Dr. Dave's long-range planning of my running career was rewarded when, after close misses in the 1988 and 1992 Olympic Trials, I finally qualified for the 1996 Olympics in the Marathon. I remember crossing the finish line at the 1996 Trials, embracing Dr. Dave and sobbing in his arms for what seemed to be hours. We were both so happy and relieved I would be running in Atlanta. Ironically, I would be racing on the very marathon course he helped to design. The twenty-four-mile mark of the Atlanta course sat beside the door to his lab at Georgia State University; the very lab where for eleven years prior we stretched the limits of my capabilities in the interest of improvement and science.
 
And as much as I could go on highlighting my career successes because of Dr. Dave, it's the man behind the mission that is the real story. Dr. Dave was truly a giving person who cared deeply for athletes, coaches, colleagues, and our sport. Dave would constantly talk about other athletes, analyzing their successes or failures. And even when discussing poor races, Dave would always be up-beat in highlighting what was learned. He could go on endlessly with hundreds of anecdotes, quips and skewed humor that usually cut right to the point; my favorite being, "It's not how much training you DO, rather, it's how well you recover from the training you DO DO. Because, if you get injured or sick from DOing too much, you are in deep DOO DOO." Dr. Dave says, "The Do-Do Rule covers a multitude of sins for the runner and has never been proven wrong." I can't begin to explain how many times I've said to my myself, "Dave was right on the mark when he said, "don't do that" or "you should try this workout." He always seemed to say the "right" thing or give the "right" advice for the time.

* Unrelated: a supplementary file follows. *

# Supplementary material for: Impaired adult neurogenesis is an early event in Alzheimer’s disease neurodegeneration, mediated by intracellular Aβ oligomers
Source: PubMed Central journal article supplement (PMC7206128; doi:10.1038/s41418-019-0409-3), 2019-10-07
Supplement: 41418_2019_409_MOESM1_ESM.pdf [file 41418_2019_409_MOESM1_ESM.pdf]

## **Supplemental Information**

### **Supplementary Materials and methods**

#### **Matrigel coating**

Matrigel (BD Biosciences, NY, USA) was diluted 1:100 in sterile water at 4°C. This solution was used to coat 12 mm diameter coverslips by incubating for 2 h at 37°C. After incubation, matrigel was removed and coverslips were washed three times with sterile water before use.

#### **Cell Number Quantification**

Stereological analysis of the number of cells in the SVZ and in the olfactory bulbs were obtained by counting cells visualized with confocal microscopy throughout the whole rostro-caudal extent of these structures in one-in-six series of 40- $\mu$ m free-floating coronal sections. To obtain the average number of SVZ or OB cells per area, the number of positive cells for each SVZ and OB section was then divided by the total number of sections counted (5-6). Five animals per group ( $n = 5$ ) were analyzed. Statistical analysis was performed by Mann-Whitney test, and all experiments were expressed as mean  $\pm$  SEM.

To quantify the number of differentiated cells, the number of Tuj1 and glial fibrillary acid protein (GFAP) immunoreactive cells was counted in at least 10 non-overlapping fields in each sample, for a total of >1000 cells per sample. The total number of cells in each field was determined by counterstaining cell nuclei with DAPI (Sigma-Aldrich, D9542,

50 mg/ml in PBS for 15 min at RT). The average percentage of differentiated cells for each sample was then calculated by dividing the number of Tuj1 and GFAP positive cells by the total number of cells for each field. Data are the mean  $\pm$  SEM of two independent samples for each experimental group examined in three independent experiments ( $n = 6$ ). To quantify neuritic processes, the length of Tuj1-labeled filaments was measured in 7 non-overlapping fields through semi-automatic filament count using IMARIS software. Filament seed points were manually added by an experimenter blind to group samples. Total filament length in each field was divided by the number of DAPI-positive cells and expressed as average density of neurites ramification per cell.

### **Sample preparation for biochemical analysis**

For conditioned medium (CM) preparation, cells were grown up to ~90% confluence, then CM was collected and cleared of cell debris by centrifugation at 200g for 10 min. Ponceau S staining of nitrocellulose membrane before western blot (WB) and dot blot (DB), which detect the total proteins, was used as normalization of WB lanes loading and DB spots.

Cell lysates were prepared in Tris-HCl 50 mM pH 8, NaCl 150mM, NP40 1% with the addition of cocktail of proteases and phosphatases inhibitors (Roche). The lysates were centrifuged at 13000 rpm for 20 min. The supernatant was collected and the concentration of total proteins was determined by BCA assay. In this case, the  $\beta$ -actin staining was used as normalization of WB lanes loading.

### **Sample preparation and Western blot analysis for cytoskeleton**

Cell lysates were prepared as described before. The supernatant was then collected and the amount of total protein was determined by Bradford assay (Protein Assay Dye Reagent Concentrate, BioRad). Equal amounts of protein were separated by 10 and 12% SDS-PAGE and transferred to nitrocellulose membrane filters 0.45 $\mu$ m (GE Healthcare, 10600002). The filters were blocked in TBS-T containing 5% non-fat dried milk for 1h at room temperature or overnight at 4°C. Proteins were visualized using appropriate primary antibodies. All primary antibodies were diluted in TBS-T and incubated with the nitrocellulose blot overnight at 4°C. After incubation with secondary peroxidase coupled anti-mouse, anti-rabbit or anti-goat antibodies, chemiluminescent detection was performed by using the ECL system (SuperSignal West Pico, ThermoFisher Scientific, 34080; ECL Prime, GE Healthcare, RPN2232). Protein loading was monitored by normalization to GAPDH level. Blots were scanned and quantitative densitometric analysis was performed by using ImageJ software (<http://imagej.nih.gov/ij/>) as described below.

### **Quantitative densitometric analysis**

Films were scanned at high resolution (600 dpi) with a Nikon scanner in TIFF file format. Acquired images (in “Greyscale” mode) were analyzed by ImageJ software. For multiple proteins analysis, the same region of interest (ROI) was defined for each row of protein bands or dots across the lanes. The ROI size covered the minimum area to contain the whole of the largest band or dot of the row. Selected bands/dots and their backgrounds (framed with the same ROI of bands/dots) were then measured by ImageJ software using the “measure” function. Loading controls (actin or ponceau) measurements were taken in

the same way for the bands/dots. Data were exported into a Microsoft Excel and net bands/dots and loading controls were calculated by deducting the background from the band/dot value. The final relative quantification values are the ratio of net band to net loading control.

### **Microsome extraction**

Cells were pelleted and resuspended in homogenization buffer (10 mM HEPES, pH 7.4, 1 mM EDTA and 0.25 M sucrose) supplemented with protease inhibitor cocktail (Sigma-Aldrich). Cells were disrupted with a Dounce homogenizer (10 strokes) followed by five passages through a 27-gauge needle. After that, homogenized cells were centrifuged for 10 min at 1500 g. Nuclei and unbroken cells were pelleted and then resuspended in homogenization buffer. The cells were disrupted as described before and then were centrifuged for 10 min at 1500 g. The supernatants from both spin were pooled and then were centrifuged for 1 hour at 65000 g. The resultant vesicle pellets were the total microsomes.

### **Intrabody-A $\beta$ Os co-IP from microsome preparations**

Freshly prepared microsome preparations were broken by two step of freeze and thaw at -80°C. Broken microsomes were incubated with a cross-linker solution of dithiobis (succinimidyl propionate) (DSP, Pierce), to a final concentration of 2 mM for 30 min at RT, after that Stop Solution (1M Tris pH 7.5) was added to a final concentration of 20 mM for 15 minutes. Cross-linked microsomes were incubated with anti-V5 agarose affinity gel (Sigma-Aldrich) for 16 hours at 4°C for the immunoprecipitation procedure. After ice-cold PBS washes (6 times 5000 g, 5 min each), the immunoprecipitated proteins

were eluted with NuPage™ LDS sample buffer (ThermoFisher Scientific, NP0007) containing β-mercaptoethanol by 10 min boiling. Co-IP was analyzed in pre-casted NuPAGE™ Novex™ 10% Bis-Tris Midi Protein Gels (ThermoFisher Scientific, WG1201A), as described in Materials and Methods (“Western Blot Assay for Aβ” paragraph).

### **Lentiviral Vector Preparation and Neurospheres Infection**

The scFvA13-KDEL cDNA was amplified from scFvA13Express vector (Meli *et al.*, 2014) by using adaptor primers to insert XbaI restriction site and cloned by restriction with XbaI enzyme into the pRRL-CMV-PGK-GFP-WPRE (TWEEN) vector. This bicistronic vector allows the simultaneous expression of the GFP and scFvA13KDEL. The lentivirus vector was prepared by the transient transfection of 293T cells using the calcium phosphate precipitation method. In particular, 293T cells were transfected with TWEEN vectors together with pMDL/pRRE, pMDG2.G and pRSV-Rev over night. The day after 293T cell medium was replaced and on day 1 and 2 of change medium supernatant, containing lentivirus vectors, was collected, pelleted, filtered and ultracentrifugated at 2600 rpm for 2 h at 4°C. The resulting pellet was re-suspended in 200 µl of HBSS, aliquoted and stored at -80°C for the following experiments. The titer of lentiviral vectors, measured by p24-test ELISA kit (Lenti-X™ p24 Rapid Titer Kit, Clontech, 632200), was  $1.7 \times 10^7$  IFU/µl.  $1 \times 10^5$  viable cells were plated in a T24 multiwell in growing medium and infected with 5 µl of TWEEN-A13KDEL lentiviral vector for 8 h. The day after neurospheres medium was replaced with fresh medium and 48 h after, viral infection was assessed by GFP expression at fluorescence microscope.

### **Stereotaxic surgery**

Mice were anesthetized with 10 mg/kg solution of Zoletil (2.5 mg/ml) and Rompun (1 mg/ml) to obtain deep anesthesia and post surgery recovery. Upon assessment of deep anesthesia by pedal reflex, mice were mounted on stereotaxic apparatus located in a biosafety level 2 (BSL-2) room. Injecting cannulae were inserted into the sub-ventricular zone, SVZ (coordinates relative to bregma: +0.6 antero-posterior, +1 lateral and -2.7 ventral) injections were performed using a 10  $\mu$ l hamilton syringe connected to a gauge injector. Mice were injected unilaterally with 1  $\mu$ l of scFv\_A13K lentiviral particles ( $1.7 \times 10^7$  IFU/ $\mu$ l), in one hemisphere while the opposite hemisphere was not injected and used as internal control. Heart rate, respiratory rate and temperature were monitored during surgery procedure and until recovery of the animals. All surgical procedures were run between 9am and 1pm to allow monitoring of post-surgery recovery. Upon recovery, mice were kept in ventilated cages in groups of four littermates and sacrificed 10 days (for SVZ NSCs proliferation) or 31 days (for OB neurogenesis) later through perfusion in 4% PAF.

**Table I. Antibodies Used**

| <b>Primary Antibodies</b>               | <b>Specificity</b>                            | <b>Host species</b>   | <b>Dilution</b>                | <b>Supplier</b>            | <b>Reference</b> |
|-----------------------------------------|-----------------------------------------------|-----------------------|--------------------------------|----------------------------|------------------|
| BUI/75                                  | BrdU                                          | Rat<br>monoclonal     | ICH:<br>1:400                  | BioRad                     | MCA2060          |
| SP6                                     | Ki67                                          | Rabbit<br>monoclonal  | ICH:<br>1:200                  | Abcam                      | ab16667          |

It was in the mid and early 1990's when I began to notice what would turn out to be tell-tail signs of Dr. Dave's soon to be a long battle with Parkinson's Disease. Falls during his training runs became more common place and his signature, endearing raspy voice started to become even raspier. Dr. Dave never uttered a complaint about his condition, and I think he even relished the opportunity he could serve as a test patient for certain Parkinson's treatments. Still, I couldn't help but notice that Dr. Dave's running became less and less frequent mainly because of the risk of a major fall and I believe this made him very sad.
 
And so, we are witnessing the end of a man's life, but not the end of a man's legacy. Dr. Dave has made a positive, indelible mark on my life for which I will try every day of my life to transfer to others. Dave has been like a father, brother, and mentor to me for more than half my life. I'm a better person because of him. We shared so many great moments together. He was with me at the start and end of my professional career...16 years and a friend for 33 years. During my career, he would not allow me to pay him one dime for his coaching service. His justification was "if you pay me, then you've put an hourly rate on my contribution to you, and we both know there's no figure you could possibly afford that would accurately compensate me ... so just run your best each time you race and that will be payment enough."
 
And, once again ... he was right."
 
Indeed.